The apostrophe is considered a single letter with its own right in Klingon. It is used to display the glottal stop. (1) In Klingon, it is called qaghwI', literally "one who does interrupt" (2). It is the last letter in the alphabet used by Okrand in TKD (3).


The apostrophe in Klingon is a glottal stop, or a brief interruption in the flow of air in the glottis. Although it sounds complicated, the glottal stop is common in English, being the break in the middle of "uh-oh", or in the pronunciation of "button" as "but-n". The apostrophe is a Klingon consonant which must not be used improperly, as very different meanings can result: bISub (you are heroic) bIS'ub (bottom)

Writing the letter

There are several ways to type the letter and many people are not sure which key to use on their keyboard. The following shall be used as a suggested guideline, it is not a canon rule. Some people argue that it does not matter how the apostrophe is written, as long as it can be recognized as one.

Easy use: Typewriter apostrophe

Most English speakers (and writers) have no problem to write this, because they are used to type words with apostrophes in words like it's and don't. The key can simply be accessed right next to the enter key. German keyboards need to do a combination of "Shift+#" to get the apostrophe. This is the most common apostrophe symbol, but can cause conflicts in software who use it as a programming symbol. For instance, it is removed in Excel spreadsheets if the cell starts with an apostrophe.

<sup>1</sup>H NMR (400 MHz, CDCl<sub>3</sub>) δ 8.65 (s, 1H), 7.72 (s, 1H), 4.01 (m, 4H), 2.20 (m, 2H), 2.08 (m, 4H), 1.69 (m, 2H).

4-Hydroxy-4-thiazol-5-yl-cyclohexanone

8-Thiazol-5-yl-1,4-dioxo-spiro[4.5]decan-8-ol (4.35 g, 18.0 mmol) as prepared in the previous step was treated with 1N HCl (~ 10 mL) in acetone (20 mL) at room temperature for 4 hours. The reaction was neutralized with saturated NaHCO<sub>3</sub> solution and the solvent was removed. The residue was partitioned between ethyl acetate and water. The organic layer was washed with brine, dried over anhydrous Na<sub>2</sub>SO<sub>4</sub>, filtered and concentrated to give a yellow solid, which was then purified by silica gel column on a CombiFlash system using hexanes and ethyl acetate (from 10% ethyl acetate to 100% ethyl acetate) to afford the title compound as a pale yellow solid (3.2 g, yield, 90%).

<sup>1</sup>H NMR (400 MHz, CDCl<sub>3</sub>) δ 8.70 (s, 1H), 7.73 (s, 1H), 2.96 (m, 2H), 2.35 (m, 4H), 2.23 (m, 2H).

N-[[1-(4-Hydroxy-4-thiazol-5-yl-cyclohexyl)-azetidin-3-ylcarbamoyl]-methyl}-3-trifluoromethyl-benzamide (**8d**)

be'pu' law' tu'lu' 'e' vItu'.

Looking better: Typographic apostrophe

This symbol is defined in Unicode as a "right single quotation mark" and is widely spread among typesetters. That symbol is used in nearly all canon sources and even Okrand sometimes uses it in his messages. He confirmed in an interview that it was not his decision to use that symbol in the first version of TKD.

Depending on the font you use, the choice of this makes the apostrophe look better. Some modern sans-serif fonts do not display it that way. The symbol looks a bit like a small nine, which you can create holding your Alt-Key and then type 0146. The HTML code is ’ or ’. This produces ’. That is too much work when writing emails, so it's maybe better to use the simple typewrite apostrophe mentioned above.
be’pu’ law’ tu’lu’ ’e’ vItu’.

Don't use: the left single quote

The "right single quotation mark" is officially defined as an apostrophe in Unicode, but his partner, the "left single quotation mark" is not.
be‘pu‘ law‘ tu‘lu‘ ‘e‘ vItu‘.

Don't use: the accent

Many writers who do not use apostrophes very often, might confuse it with the accent, which is easier to find and use on their keyboard, because for instance a German keyboard requires to hit the shift key to get the apostrophe. Using the French accent may make klingon text more difficult to read, and it does not look nice at all:
be´pu´ law´ tu´lu´ ´e´ vItu´.

The auto-format problem

When writing Klingon on a computer, it is important to deactivate auto-correct, especially the function which replaces apostrophes with back and forth tilting apostrophes. If not, it might look like the following:
be‘pu’ law‘ tu’lu‘ ’e‘ vItu’.

See also


1 : The Klingon Dictionary, p. 16

2 : qep'a' 2009

3 : The Klingon Dictionary, p. 77

External links

Category: Grammar    Latest edit: 26 May 2019, by KlingonTeacher    Created: 21 Mar 2014 by KlingonTeacher
History: r16 < r15 < r14 < r13 - View wiki text
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